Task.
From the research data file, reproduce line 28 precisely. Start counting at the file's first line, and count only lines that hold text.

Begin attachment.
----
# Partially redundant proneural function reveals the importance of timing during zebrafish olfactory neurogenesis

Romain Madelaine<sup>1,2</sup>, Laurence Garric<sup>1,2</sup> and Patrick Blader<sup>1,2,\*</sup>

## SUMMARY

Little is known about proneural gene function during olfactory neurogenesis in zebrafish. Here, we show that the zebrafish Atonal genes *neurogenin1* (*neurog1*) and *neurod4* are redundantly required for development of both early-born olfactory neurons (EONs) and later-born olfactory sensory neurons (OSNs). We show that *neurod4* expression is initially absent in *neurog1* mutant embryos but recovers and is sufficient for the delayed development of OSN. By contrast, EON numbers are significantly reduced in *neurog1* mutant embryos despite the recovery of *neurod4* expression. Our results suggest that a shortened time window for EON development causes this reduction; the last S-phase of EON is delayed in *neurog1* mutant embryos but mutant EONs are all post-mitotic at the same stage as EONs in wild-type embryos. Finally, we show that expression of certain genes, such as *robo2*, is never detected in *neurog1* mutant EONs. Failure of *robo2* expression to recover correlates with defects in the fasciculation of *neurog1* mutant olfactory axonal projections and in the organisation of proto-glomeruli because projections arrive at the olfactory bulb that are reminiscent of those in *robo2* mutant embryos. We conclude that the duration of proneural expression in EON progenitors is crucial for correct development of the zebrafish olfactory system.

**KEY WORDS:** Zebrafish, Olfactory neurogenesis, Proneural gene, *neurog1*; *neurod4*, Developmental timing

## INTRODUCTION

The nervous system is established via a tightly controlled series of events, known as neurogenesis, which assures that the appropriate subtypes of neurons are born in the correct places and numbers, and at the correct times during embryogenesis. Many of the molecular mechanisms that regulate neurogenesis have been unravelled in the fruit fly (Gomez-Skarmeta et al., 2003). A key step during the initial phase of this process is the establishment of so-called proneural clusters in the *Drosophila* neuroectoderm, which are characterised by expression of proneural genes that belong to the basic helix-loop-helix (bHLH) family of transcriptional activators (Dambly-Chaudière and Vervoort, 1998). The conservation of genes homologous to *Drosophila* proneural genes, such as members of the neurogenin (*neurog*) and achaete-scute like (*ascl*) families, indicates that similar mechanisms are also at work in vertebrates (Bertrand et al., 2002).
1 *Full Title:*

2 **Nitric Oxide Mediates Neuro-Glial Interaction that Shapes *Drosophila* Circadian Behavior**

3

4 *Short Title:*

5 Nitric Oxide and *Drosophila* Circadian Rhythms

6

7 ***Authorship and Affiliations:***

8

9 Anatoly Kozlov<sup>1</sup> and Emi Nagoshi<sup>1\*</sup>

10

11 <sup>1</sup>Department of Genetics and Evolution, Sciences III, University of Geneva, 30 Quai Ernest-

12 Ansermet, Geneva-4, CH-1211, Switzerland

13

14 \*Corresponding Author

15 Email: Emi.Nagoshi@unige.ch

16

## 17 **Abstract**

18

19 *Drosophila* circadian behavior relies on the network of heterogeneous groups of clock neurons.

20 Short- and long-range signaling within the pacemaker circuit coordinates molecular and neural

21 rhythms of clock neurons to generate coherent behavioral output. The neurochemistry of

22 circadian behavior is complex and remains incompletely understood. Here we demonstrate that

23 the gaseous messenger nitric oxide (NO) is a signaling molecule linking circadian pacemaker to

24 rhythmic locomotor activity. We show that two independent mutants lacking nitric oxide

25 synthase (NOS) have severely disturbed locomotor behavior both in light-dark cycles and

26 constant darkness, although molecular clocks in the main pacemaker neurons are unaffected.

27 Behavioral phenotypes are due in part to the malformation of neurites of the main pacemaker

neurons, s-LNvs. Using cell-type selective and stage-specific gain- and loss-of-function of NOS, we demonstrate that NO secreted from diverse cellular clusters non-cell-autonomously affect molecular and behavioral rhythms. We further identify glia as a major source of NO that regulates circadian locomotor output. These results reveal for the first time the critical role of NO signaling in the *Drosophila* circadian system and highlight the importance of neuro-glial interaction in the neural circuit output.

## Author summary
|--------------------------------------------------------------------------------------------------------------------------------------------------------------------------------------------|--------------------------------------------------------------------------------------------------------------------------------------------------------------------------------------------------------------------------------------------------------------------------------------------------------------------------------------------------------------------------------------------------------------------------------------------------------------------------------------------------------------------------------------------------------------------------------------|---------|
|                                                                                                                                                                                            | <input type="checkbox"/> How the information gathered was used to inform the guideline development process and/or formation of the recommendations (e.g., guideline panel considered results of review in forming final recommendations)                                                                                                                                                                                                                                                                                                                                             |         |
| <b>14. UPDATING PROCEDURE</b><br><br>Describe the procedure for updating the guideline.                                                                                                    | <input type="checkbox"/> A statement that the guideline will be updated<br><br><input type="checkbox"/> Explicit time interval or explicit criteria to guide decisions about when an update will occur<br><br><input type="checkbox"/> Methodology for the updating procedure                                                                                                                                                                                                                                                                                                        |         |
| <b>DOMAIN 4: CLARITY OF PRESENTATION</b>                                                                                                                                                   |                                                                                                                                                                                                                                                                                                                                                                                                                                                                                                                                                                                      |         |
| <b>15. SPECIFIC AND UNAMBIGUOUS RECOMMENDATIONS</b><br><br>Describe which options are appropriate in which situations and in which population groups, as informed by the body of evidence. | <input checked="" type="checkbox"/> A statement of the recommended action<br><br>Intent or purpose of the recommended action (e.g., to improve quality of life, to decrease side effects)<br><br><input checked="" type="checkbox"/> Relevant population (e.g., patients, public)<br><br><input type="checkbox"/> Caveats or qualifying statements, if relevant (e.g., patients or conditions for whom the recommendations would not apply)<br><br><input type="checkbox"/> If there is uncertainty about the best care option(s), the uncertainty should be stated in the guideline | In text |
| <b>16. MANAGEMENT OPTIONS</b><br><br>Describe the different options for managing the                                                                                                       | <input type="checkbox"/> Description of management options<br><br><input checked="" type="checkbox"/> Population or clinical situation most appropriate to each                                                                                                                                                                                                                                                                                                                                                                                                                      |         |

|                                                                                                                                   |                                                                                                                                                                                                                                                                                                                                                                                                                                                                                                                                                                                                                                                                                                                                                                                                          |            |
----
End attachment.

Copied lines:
21 rhythms of clock neurons to generate coherent behavioral output. The neurochemistry of